Jack McDevitt takes a pretty stock standard science fiction trope and manages to make something bigger than expected out of it. Ancient Shores teems with deep, realistic characters, and a harrowing, yet optimistic look at how humanity reacts to fear.
In order for a mashup to work, there needs to be harmony. Harmony can come out of unexpected places. Nickolas Cook misses this mark by quite some distance. He manages not only to fail at matching Lewis Carroll's wit and charm, but goes further, ruining the original cleverness and creating what feels like a desperate, zombie-obsessed madlib.
I can deal with books that are skeptical about science, and the way science is being used. I can deal with books with soft science, as long as they don't try to justify it. What I can't deal with is a book that gets all the science terribly wrong, then proceeds to go on an anti-science vendetta. Of course you think science is awful! You don't understand any of it. Spoilers in the review.
Memoirs should be allowed to be a bit self-absorbed, but in this case, it feels kind of inappropriate. Especially considering it feels like Laura Bates didn't actualize a lot of what she was seeing. However, it's impossible to say that she didn't have a very good impact on some folks.
After reading Among Others, I felt like I needed to reread Bridge to Terabithia. I hadn't read it since I was a kid, and I'm kind of saddened to find that it isn't quite the story in my head. Either way, I'm glad I reread it. Spoilers in review.
In a world where time travel is used by academics to uncover the past, a group of young historians head off to study WWII. Something is clearly going wrong, but no one seems to notice until it hits them squarely on the head.
So I keep mentioning the reading challenge I'm doing (or at least I feel like I am...) and I've linked to the copy on 9gag. I think it might have originally been from Pop Sugar, but to investigate that further would involve reading Pop Sugar...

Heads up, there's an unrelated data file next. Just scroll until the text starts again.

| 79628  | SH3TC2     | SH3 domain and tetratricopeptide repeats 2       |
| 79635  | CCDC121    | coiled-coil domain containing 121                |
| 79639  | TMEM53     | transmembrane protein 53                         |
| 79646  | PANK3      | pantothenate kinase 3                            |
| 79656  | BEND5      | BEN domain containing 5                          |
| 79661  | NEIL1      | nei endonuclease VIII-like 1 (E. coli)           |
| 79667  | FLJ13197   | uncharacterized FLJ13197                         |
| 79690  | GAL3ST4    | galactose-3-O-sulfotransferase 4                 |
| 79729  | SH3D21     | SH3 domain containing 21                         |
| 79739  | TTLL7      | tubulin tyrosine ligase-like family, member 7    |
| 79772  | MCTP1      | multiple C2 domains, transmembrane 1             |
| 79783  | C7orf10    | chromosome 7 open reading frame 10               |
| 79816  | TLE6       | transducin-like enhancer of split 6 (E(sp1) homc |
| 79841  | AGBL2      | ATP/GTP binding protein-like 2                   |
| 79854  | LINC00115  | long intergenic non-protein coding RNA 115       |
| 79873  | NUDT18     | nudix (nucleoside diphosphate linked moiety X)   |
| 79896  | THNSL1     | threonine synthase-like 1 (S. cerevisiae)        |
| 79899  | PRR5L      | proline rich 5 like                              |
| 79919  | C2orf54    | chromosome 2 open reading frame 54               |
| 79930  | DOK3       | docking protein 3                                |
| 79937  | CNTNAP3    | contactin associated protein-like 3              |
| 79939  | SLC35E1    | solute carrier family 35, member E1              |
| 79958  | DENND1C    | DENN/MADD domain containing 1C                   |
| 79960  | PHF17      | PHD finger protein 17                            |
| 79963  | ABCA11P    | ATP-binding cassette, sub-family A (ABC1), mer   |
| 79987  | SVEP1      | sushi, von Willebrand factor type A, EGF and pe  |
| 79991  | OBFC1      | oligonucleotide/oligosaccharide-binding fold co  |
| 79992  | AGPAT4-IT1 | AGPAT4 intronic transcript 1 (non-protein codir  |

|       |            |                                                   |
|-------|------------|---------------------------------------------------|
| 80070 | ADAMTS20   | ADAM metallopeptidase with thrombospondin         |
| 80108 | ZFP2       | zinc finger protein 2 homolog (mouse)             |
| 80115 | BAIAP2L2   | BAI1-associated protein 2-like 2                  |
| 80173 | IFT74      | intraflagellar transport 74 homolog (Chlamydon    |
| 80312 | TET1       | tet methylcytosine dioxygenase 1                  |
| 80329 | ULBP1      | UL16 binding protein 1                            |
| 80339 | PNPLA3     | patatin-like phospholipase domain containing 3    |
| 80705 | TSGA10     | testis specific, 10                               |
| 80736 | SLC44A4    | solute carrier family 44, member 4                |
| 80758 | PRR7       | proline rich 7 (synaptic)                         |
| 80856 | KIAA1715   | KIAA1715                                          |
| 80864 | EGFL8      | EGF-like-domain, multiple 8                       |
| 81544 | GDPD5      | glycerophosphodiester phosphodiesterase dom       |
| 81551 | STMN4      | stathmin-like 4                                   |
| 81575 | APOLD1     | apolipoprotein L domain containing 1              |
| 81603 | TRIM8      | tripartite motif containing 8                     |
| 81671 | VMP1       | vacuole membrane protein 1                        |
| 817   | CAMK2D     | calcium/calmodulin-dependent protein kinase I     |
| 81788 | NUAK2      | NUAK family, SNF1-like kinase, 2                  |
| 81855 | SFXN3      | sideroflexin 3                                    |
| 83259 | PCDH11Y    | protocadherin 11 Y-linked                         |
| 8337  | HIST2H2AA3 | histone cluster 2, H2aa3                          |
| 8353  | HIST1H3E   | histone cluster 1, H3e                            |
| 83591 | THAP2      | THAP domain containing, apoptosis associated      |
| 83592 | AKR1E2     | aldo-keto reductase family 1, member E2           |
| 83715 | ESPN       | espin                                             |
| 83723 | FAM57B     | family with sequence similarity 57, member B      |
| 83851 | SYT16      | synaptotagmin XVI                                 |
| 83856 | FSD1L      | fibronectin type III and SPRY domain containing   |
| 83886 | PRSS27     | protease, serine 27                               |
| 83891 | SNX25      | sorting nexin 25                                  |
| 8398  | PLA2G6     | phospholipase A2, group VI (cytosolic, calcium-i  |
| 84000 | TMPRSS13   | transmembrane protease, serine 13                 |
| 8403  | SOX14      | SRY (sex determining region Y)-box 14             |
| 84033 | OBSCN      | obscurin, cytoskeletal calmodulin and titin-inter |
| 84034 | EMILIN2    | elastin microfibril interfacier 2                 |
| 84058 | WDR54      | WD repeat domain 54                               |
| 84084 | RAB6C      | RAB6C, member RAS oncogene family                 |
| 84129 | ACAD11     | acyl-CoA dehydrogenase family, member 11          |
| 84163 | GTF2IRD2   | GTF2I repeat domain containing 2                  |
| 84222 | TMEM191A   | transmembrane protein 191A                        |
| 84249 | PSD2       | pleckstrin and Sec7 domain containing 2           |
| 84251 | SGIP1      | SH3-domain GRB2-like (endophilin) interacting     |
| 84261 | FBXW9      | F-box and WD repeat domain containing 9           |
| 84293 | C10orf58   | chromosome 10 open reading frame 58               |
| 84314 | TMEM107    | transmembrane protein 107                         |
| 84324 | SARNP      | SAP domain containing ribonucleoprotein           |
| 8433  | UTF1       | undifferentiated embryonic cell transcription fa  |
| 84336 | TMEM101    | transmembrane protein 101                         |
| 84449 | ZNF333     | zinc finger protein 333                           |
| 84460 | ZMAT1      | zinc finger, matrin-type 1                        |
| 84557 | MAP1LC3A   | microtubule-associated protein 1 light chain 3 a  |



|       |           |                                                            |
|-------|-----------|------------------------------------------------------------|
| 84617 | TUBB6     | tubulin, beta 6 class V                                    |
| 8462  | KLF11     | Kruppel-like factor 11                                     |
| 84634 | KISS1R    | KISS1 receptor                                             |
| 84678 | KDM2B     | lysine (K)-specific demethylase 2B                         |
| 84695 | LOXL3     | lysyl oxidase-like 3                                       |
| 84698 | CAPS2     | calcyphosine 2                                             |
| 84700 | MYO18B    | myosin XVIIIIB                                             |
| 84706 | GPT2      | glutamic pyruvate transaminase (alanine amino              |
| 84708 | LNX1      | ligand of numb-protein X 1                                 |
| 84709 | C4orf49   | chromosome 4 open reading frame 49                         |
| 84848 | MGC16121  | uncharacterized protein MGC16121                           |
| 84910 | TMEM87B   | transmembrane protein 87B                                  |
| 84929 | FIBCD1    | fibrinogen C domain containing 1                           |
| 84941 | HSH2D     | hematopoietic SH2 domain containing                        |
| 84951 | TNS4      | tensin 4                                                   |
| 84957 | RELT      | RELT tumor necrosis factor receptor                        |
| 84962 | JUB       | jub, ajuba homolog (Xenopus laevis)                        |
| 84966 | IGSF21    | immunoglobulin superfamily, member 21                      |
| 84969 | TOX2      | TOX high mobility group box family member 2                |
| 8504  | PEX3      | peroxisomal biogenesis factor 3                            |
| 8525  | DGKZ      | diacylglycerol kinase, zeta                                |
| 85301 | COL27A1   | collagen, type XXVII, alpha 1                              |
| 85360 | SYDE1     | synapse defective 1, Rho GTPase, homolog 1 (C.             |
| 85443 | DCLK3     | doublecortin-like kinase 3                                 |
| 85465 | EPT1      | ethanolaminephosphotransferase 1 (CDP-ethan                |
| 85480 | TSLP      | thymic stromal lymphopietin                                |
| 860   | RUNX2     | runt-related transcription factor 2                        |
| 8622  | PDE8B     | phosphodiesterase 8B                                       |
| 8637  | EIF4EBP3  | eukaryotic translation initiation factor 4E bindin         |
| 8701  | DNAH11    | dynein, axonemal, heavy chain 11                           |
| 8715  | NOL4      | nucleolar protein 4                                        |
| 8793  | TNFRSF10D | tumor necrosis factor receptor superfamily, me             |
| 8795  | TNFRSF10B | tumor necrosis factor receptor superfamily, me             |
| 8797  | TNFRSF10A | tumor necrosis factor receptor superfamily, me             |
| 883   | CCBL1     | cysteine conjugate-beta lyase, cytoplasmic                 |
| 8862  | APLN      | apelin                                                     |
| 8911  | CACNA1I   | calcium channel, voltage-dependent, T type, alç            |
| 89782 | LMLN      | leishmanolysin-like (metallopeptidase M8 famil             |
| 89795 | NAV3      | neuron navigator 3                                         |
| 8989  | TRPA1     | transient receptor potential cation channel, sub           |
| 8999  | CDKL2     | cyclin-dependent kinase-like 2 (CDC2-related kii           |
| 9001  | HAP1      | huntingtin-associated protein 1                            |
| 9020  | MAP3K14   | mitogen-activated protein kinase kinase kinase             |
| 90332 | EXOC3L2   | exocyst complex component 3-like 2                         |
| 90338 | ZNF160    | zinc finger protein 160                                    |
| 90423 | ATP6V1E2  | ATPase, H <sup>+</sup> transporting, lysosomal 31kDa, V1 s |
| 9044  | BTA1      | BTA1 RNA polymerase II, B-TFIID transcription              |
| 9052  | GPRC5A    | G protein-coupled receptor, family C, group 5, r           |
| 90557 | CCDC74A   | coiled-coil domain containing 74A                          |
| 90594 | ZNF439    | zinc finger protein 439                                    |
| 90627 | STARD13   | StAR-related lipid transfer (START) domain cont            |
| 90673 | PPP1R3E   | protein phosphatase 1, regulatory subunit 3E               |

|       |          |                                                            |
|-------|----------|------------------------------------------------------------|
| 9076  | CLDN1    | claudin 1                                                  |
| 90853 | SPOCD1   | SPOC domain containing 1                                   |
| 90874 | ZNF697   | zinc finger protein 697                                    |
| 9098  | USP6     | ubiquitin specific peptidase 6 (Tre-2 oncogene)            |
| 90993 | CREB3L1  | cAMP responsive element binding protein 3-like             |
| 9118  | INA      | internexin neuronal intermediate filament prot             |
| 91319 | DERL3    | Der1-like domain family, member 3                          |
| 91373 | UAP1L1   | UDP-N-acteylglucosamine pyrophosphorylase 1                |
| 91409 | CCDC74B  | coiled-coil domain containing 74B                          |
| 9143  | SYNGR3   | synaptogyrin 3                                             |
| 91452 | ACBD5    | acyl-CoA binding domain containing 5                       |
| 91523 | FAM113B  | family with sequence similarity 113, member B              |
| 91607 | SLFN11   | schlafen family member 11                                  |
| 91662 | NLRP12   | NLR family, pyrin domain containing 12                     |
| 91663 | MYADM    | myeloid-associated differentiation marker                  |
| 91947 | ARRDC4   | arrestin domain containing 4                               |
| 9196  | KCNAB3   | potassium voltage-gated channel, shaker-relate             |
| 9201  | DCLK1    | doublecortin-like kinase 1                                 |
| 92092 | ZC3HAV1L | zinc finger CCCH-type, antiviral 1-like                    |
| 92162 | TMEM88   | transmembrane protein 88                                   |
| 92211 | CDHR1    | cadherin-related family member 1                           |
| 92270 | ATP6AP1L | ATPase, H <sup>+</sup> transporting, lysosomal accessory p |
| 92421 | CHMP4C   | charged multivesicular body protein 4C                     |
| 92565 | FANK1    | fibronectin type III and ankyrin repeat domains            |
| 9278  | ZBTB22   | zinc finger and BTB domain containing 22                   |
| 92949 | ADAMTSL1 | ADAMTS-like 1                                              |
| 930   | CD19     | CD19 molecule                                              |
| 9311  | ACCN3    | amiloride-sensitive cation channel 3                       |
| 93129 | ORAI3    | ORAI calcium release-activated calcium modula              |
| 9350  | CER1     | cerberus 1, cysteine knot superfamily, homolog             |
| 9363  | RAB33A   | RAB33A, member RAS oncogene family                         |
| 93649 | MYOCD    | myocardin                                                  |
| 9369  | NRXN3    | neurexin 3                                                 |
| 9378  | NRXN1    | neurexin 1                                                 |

I stumbled on the challenge via HabitRPG, where someone set up a challenge in the Legendary Book Club of Habitica guild (that I run and is currently reading Blackout, by Connie Willis). It's made it super easy to keep track of the challenge and I get rewarded for it. I only have a few left to tick off at this point... More info on the challenge and my status after the jump.
China Miéville is best known for his novels, but in short stories he's able to play with his craft in ways that wouldn't work in longer fiction. He left me wanting and unfulfilled time and time again, but simultaneously positive there was no other way for things to end.
I was thrilled when I stumbled upon this noir detective cyberpunk novel, often ranked as one of the hidden scifi gems. I was especially excited when I realized there was a trans character! Then I remembered that this book was published in 1987. I quickly became less enthused.
This is a Great American Novel, a novel of manners, a bildungsroman, a romance, historical fiction, and very, very long. It is a tale of the inevitable fall of the status quo, a tale of rebuilding, and a tale of loss once again. But mostly, it's very, very long.
A nice, but not super in-depth bestiary, covering yokai, traditional Japanese monsters. Its worth it for Tatsuya Morino's illustrations, which are supplemented with older, more traditional pieces of art.
What is the worst thing you can do to a grief-stricken windower who has a death wish? Grant him eternal life. The only problem is, when you mess with forces you don't truly understand, you almost always get unintended consequences.
Making sense is a stylistic choice. A stylistic choice that this book firmly opted out of. That’s not to say that’s always a bad thing. There are a few books where “not making sense” works rather well. This is not one of them.